SUBMITTED BY, DONNA TATTINGNow that we've had a few really hard frosts and our outdoor gardens begin their long winter rest, you may be inclined to turn your attention to a little indoor gardening. Gone are the days when Boston Ferns, African Violets, Rubber Plants and Philodendrons were the most common plants found in the home and office. Now there are endless choices of ferns, succulents, tropicals and much more to brighten up our living spaces when the days are shorter and we are spending time indoors.
Chisago County Extension Master Gardener
Here in the northern climates, we experience vast seasonal fluctuations, not only in temperatures, but in the intensity and duration of daylight. Because light, water, temperature, humidity, and nutrient requirements of houseplants are all interrelated, we must take these changes into consideration to keep houseplants healthy year round
Before purchasing a houseplant, pay close attention to the light requirements of that particular plant and then select only the plants that will do well with the available light in your specific indoor locations. In northern latitudes, we change from long hours of daylight in spring and summer to much shorter days in fall and winter. Due to the sun's angle, winter light is less intense; weather is often cloudier, too. Houseplants may grow better if you move them into brighter windows or nearer to windows so they may receive as much light as possible. Be careful not to place them close enough to be injured by cold; never allow foliage to actually touch window panes.
How often to water your plant depends on several factors including planting medium, pot size and plant size. Always water thoroughly until water comes through the pot's drain holes. Discard excess water that collects in the saucer. Learn to recognize when the plant needs water by feeling the soil. Some plants such as ferns and African violets need water as soon as the soil surface feels dry. The potting medium of many cacti and succulents must dry thoroughly before watering. For most houseplants, allow soil to dry 1/2 inch or more below the surface, depending on pot size. Water when conditions warrant, not automatically, on a rigid schedule.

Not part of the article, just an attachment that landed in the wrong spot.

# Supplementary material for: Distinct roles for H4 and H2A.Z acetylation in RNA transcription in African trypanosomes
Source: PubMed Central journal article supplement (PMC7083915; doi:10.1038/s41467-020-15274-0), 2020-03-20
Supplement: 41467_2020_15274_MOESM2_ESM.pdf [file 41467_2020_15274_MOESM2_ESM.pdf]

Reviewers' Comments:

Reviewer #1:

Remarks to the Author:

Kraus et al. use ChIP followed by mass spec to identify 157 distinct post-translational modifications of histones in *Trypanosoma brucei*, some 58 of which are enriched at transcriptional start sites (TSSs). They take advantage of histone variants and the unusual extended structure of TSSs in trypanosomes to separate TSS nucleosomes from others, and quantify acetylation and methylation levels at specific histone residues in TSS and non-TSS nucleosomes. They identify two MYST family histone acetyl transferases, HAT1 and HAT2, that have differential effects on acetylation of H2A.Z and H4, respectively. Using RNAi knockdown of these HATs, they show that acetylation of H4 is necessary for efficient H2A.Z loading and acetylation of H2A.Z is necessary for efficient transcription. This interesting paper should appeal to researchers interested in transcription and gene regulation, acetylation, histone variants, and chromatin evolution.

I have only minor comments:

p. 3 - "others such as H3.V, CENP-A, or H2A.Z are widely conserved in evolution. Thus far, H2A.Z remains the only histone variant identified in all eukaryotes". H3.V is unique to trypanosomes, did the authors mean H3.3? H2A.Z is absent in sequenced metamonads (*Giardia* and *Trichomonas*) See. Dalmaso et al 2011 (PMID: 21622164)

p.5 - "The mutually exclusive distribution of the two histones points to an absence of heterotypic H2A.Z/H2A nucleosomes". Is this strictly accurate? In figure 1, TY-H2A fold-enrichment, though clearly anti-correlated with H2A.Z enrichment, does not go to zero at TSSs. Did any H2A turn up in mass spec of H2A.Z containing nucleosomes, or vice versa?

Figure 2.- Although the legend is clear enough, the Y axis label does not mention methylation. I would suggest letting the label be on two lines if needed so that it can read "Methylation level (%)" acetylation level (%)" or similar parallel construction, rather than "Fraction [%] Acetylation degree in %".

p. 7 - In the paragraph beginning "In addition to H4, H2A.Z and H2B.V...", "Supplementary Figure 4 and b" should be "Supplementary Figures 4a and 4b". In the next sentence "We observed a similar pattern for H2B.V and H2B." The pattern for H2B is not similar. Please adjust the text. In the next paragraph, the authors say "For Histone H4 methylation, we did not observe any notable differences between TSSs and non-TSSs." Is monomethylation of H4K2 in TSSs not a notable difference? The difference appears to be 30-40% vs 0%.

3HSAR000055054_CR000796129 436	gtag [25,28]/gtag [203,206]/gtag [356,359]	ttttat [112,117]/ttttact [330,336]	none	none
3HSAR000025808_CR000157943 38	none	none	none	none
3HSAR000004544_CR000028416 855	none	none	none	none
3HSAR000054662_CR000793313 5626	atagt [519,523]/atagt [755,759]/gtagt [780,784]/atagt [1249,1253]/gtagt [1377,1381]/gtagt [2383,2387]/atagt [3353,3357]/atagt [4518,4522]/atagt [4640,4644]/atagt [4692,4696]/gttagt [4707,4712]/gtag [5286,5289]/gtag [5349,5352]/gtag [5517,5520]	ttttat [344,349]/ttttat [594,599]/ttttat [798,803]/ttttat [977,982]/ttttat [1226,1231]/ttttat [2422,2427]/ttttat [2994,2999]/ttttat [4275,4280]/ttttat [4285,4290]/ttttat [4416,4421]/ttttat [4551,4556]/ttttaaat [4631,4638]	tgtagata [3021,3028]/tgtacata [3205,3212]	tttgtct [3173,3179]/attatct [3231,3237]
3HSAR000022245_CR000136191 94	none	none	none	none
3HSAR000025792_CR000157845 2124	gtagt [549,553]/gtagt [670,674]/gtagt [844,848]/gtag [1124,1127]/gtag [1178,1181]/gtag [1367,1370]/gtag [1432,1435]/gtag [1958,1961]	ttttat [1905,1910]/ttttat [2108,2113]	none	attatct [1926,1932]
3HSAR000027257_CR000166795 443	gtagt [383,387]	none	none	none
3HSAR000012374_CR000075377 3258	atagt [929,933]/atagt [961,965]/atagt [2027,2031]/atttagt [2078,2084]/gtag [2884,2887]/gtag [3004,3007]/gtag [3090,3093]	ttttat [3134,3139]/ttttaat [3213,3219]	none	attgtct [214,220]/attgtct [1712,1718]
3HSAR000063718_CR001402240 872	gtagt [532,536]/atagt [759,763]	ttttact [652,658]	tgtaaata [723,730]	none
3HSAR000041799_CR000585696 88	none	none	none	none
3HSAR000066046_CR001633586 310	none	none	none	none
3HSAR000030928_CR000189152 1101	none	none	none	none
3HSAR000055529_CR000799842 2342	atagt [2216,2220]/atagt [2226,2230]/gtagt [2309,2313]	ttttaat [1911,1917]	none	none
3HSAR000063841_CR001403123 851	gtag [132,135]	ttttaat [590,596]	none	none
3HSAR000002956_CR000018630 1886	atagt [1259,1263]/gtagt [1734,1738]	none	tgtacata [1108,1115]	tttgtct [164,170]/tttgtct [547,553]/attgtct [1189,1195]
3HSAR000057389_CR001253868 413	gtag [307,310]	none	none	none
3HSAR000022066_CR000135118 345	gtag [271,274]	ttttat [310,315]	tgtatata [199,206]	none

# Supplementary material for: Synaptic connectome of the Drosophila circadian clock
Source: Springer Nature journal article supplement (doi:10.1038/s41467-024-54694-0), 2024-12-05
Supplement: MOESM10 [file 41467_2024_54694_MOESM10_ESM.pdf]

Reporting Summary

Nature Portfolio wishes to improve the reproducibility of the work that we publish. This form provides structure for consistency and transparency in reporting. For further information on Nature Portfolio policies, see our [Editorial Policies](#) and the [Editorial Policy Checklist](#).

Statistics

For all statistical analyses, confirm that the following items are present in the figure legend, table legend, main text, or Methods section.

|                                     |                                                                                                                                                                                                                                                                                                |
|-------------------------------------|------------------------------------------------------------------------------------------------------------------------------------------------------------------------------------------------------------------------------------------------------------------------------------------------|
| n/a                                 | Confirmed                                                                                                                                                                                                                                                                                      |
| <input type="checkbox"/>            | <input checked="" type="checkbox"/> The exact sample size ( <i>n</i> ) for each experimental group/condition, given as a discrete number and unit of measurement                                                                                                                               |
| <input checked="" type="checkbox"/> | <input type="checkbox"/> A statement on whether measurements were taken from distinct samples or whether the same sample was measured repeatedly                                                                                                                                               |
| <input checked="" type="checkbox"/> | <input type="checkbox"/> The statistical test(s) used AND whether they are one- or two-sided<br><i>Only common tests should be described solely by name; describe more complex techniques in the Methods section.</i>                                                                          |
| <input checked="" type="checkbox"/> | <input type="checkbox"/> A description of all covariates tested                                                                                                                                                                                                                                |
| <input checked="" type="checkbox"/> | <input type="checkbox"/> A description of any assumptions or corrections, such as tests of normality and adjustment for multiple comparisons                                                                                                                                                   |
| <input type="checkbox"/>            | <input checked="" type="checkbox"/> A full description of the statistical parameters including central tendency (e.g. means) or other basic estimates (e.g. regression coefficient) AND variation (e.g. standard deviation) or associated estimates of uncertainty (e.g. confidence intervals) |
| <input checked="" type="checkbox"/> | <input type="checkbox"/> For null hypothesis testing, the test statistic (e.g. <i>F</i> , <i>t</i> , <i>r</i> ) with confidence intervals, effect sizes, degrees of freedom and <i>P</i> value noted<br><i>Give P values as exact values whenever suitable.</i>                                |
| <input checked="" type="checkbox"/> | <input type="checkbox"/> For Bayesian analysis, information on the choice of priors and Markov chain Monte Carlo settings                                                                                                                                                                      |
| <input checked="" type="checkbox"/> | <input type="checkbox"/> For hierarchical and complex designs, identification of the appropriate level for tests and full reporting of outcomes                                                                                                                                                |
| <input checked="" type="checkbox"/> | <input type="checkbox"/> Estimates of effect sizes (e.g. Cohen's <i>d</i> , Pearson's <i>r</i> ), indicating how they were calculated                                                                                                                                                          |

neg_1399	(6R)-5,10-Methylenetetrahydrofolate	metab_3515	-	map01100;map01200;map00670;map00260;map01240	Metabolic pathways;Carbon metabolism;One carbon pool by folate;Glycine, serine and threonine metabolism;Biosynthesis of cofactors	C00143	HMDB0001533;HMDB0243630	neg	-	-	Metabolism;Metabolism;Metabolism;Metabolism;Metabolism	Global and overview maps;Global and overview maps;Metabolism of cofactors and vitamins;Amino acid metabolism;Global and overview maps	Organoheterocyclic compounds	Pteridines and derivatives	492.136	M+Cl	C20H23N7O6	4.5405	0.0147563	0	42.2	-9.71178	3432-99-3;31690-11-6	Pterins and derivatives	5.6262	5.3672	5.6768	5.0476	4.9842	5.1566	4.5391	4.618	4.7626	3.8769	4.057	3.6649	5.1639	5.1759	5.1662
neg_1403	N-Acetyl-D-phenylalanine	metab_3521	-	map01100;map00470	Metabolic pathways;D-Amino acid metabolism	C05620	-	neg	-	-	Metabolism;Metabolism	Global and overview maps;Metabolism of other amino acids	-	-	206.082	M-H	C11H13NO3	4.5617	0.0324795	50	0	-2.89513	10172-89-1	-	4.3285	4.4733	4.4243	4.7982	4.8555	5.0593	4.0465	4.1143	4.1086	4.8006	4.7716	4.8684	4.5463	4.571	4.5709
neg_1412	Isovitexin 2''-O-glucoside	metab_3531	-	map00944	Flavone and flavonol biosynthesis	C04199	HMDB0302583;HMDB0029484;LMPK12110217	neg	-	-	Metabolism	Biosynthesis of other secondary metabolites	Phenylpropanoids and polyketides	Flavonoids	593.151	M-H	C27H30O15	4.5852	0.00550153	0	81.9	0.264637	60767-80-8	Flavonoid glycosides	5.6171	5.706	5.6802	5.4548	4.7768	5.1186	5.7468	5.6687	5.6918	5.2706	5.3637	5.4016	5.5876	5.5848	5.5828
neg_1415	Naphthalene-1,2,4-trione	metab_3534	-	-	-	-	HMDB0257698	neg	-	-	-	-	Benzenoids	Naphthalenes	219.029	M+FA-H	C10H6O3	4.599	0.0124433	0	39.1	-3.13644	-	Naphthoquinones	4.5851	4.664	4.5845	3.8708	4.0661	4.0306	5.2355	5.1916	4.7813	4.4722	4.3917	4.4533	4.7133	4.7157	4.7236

Keep houseplants out of cold, drafty locations such as an entryway in winter or near an air-conditioner in summer. Try also to avoid hot, dry spots close to radiators or heat ducts in winter. As long as air is neither excessively hot nor cold, and there's good air circulation, (as provided by a ceiling fan or forced air register some distance from the plants) you should be successful.
Our houses are drier in winter and these low humidity conditions can result in moisture loss and susceptibility to insects that thrive in dry, warm locations. Instead of misting your plants, group plants together to benefit from moisture they lose through transpiration. You can also place plants on supports in trays of water so that it evaporates around them, but doesn't wick up through the containers.
Typically, fertilizing your houseplants in winter isn't necessary. They will continue to manufacture their own food through photosynthesis, and need fertilizer only as a supplement. The exceptions are plants growing under fluorescent lights because they won't experience a seasonal change in light, so they might need fertilizer applications year-round. Always mix fertilizer one-half the label recommended strength. It's easier to repeat an application than to deal with the potential consequences of excess fertilizer--brown leaf tips and margins and burned roots, followed by stunted growth and ultimately, plant death.
Garden Center that are open year round will usually have a nice selection of houseplants available at this time of year along with those seasonal favorites like Poinsettias, Christmas Cactus, Amaryllis, Lucky Bamboo. My personal favorites are the many interesting succulents that can be grouped together in even the smallest containers.